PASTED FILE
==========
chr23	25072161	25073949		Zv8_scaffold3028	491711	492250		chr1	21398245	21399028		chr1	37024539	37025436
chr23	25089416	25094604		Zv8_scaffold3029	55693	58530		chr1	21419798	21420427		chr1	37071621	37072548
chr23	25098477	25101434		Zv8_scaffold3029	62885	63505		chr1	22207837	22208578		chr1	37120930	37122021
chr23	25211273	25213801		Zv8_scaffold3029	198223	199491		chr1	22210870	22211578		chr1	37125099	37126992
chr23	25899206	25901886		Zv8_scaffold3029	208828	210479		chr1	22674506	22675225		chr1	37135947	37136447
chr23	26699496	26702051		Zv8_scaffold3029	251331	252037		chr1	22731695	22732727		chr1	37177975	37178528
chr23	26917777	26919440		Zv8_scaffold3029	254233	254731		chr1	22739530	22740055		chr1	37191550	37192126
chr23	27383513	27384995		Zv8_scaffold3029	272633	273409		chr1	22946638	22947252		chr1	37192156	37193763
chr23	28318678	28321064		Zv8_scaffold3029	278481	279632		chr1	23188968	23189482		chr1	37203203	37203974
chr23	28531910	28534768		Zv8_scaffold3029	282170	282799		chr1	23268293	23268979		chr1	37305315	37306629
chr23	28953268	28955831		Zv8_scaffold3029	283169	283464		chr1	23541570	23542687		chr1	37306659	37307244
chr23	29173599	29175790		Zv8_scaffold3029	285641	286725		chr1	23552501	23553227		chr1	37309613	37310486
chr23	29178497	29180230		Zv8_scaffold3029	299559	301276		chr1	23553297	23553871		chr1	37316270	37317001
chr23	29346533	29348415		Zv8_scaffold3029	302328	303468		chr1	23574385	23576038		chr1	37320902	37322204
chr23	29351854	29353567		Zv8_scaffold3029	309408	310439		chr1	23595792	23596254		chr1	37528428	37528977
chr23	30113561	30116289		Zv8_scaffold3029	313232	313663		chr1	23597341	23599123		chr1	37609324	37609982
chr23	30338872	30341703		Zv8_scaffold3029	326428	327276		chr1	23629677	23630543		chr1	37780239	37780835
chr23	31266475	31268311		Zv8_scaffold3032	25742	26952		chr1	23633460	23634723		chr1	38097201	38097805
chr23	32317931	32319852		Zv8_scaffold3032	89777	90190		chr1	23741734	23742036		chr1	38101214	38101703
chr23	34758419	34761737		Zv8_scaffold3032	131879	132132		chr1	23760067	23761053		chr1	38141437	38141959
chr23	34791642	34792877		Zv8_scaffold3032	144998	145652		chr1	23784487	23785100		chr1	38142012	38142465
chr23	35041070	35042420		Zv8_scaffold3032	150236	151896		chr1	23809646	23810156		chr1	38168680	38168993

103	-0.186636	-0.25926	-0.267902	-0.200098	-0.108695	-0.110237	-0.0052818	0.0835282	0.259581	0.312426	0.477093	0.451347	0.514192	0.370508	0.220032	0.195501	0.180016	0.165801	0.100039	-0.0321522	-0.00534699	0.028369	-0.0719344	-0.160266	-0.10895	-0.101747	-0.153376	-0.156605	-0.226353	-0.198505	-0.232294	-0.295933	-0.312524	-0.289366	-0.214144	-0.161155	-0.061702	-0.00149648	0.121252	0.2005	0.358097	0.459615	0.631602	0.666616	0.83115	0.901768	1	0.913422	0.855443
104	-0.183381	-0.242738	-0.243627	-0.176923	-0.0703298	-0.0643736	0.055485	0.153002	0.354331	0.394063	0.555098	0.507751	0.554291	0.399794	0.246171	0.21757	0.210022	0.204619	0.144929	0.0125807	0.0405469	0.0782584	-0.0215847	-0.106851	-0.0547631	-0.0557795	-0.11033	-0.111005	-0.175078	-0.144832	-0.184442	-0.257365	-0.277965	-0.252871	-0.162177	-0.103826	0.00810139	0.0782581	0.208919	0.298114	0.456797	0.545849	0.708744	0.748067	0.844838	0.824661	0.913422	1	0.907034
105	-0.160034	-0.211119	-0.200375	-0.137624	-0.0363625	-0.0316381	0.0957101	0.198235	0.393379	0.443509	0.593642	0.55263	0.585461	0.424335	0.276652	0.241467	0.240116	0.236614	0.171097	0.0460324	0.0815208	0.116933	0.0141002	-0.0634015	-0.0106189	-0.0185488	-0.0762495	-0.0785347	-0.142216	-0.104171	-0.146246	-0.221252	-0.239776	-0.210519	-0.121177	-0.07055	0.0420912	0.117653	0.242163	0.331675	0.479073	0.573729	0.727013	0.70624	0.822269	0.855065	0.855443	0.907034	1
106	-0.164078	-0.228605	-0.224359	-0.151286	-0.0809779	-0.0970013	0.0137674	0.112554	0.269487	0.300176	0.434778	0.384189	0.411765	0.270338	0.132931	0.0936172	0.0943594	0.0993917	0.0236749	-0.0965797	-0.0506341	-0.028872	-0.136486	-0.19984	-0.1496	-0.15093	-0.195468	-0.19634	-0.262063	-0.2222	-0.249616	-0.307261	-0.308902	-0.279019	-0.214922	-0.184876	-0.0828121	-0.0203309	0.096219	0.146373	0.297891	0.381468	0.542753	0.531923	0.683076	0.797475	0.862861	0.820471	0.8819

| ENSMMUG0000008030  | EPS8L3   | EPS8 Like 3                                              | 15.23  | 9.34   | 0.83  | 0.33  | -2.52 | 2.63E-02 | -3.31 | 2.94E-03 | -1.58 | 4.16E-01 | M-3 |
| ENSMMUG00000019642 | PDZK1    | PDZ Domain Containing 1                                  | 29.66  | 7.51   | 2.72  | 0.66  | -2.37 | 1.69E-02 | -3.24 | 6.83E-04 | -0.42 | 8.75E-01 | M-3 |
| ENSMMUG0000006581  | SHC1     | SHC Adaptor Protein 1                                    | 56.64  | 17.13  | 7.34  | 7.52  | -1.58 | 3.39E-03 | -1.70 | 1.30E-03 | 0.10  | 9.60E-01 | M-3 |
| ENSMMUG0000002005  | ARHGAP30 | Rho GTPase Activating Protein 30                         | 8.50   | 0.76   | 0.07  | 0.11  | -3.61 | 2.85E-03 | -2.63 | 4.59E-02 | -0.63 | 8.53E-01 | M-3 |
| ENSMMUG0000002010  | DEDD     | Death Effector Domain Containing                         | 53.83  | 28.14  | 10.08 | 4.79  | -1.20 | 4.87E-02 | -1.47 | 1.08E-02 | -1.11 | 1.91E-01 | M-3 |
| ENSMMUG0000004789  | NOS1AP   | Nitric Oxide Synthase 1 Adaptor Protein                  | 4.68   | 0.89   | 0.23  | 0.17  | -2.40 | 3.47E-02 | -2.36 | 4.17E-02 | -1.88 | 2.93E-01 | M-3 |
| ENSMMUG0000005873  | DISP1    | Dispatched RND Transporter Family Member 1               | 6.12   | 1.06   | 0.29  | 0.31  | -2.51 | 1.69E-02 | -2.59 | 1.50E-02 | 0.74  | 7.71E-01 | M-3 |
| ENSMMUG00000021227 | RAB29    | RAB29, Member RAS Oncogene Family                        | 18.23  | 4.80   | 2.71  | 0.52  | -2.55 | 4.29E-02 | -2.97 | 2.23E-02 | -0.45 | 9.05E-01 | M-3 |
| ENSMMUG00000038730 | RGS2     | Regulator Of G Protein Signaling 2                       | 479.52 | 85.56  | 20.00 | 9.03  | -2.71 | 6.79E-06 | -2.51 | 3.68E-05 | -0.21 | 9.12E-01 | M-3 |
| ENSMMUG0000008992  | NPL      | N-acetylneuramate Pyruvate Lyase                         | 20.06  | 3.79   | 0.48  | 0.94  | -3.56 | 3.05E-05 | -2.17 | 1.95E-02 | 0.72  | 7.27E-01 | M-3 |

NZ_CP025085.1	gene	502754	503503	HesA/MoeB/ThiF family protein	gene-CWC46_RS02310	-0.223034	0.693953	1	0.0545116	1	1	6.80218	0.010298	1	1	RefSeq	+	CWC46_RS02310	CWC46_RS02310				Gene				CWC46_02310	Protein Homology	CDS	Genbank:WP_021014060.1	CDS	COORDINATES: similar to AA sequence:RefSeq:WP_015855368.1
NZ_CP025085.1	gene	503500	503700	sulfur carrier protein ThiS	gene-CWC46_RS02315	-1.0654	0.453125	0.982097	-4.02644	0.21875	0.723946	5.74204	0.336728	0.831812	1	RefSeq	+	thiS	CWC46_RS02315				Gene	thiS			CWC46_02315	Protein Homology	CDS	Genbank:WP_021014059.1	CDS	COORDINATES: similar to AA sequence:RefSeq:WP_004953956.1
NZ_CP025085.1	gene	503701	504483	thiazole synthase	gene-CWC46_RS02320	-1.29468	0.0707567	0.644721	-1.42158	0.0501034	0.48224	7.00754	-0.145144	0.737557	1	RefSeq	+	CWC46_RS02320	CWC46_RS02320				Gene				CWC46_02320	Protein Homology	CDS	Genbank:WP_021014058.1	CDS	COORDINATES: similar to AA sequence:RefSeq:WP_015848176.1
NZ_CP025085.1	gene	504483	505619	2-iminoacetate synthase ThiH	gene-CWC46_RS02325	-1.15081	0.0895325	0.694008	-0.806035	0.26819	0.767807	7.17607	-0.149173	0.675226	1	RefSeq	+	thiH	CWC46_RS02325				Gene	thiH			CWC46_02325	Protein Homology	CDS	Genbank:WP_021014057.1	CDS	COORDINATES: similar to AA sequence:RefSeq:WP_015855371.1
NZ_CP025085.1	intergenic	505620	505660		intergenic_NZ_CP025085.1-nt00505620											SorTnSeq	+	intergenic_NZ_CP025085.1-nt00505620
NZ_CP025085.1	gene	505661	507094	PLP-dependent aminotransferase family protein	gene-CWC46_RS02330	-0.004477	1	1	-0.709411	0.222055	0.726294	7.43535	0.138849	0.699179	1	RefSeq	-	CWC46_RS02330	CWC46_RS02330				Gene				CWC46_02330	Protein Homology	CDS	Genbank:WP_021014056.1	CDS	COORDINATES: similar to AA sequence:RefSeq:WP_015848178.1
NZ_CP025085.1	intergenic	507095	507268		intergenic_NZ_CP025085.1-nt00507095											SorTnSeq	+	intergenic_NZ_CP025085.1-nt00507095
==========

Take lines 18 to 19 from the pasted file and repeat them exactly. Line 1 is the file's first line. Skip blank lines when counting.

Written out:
chr23	31266475	31268311		Zv8_scaffold3032	25742	26952		chr1	23633460	23634723		chr1	38097201	38097805
chr23	32317931	32319852		Zv8_scaffold3032	89777	90190		chr1	23741734	23742036		chr1	38101214	38101703